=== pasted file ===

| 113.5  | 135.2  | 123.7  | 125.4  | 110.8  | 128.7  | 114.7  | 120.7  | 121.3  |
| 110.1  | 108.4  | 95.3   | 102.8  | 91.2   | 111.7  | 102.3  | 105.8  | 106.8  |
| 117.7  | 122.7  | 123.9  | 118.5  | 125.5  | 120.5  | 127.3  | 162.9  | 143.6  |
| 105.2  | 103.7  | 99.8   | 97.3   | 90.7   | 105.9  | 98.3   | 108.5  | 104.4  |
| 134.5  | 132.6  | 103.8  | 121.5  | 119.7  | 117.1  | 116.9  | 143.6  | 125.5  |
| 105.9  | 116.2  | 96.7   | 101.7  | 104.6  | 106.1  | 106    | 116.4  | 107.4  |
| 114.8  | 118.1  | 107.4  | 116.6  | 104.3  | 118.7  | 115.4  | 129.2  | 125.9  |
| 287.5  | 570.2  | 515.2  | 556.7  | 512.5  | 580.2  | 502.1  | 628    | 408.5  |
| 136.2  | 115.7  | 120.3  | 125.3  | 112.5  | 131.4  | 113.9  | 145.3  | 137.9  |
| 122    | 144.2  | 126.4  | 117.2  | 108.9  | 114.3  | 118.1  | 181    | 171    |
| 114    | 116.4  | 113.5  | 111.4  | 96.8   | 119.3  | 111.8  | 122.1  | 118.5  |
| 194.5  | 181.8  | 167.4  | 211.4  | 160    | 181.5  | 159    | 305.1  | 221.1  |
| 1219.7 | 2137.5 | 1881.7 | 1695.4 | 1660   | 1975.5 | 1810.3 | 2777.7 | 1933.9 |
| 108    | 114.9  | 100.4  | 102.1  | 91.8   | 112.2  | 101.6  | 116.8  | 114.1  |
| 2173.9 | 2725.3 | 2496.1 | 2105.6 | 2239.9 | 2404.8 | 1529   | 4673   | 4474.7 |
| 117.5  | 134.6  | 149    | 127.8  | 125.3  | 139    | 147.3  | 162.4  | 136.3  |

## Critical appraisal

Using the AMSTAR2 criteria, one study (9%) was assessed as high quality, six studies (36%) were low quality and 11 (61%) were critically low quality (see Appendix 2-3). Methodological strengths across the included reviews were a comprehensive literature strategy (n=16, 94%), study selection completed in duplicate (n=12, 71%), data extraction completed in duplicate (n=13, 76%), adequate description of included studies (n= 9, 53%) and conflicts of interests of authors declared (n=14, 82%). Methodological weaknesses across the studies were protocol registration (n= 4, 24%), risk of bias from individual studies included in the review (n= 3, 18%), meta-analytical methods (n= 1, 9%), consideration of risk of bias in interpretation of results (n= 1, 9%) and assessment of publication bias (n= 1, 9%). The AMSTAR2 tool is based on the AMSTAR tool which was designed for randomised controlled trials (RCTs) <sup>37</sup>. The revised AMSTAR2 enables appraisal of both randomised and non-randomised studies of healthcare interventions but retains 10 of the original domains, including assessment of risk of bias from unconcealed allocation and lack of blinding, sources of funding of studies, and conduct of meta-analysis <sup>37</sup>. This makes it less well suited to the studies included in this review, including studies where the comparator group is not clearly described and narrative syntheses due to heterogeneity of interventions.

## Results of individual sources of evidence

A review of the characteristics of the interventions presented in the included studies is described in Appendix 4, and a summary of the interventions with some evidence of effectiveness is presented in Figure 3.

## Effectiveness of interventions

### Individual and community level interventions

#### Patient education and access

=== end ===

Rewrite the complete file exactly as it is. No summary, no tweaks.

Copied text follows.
| 113.5  | 135.2  | 123.7  | 125.4  | 110.8  | 128.7  | 114.7  | 120.7  | 121.3  |
| 110.1  | 108.4  | 95.3   | 102.8  | 91.2   | 111.7  | 102.3  | 105.8  | 106.8  |
| 117.7  | 122.7  | 123.9  | 118.5  | 125.5  | 120.5  | 127.3  | 162.9  | 143.6  |
| 105.2  | 103.7  | 99.8   | 97.3   | 90.7   | 105.9  | 98.3   | 108.5  | 104.4  |
| 134.5  | 132.6  | 103.8  | 121.5  | 119.7  | 117.1  | 116.9  | 143.6  | 125.5  |
| 105.9  | 116.2  | 96.7   | 101.7  | 104.6  | 106.1  | 106    | 116.4  | 107.4  |
| 114.8  | 118.1  | 107.4  | 116.6  | 104.3  | 118.7  | 115.4  | 129.2  | 125.9  |
| 287.5  | 570.2  | 515.2  | 556.7  | 512.5  | 580.2  | 502.1  | 628    | 408.5  |
| 136.2  | 115.7  | 120.3  | 125.3  | 112.5  | 131.4  | 113.9  | 145.3  | 137.9  |
| 122    | 144.2  | 126.4  | 117.2  | 108.9  | 114.3  | 118.1  | 181    | 171    |
| 114    | 116.4  | 113.5  | 111.4  | 96.8   | 119.3  | 111.8  | 122.1  | 118.5  |
| 194.5  | 181.8  | 167.4  | 211.4  | 160    | 181.5  | 159    | 305.1  | 221.1  |
| 1219.7 | 2137.5 | 1881.7 | 1695.4 | 1660   | 1975.5 | 1810.3 | 2777.7 | 1933.9 |
| 108    | 114.9  | 100.4  | 102.1  | 91.8   | 112.2  | 101.6  | 116.8  | 114.1  |
| 2173.9 | 2725.3 | 2496.1 | 2105.6 | 2239.9 | 2404.8 | 1529   | 4673   | 4474.7 |
| 117.5  | 134.6  | 149    | 127.8  | 125.3  | 139    | 147.3  | 162.4  | 136.3  |

## Critical appraisal

Using the AMSTAR2 criteria, one study (9%) was assessed as high quality, six studies (36%) were low quality and 11 (61%) were critically low quality (see Appendix 2-3). Methodological strengths across the included reviews were a comprehensive literature strategy (n=16, 94%), study selection completed in duplicate (n=12, 71%), data extraction completed in duplicate (n=13, 76%), adequate description of included studies (n= 9, 53%) and conflicts of interests of authors declared (n=14, 82%). Methodological weaknesses across the studies were protocol registration (n= 4, 24%), risk of bias from individual studies included in the review (n= 3, 18%), meta-analytical methods (n= 1, 9%), consideration of risk of bias in interpretation of results (n= 1, 9%) and assessment of publication bias (n= 1, 9%). The AMSTAR2 tool is based on the AMSTAR tool which was designed for randomised controlled trials (RCTs) <sup>37</sup>. The revised AMSTAR2 enables appraisal of both randomised and non-randomised studies of healthcare interventions but retains 10 of the original domains, including assessment of risk of bias from unconcealed allocation and lack of blinding, sources of funding of studies, and conduct of meta-analysis <sup>37</sup>. This makes it less well suited to the studies included in this review, including studies where the comparator group is not clearly described and narrative syntheses due to heterogeneity of interventions.

## Results of individual sources of evidence

A review of the characteristics of the interventions presented in the included studies is described in Appendix 4, and a summary of the interventions with some evidence of effectiveness is presented in Figure 3.

## Effectiveness of interventions

### Individual and community level interventions

#### Patient education and access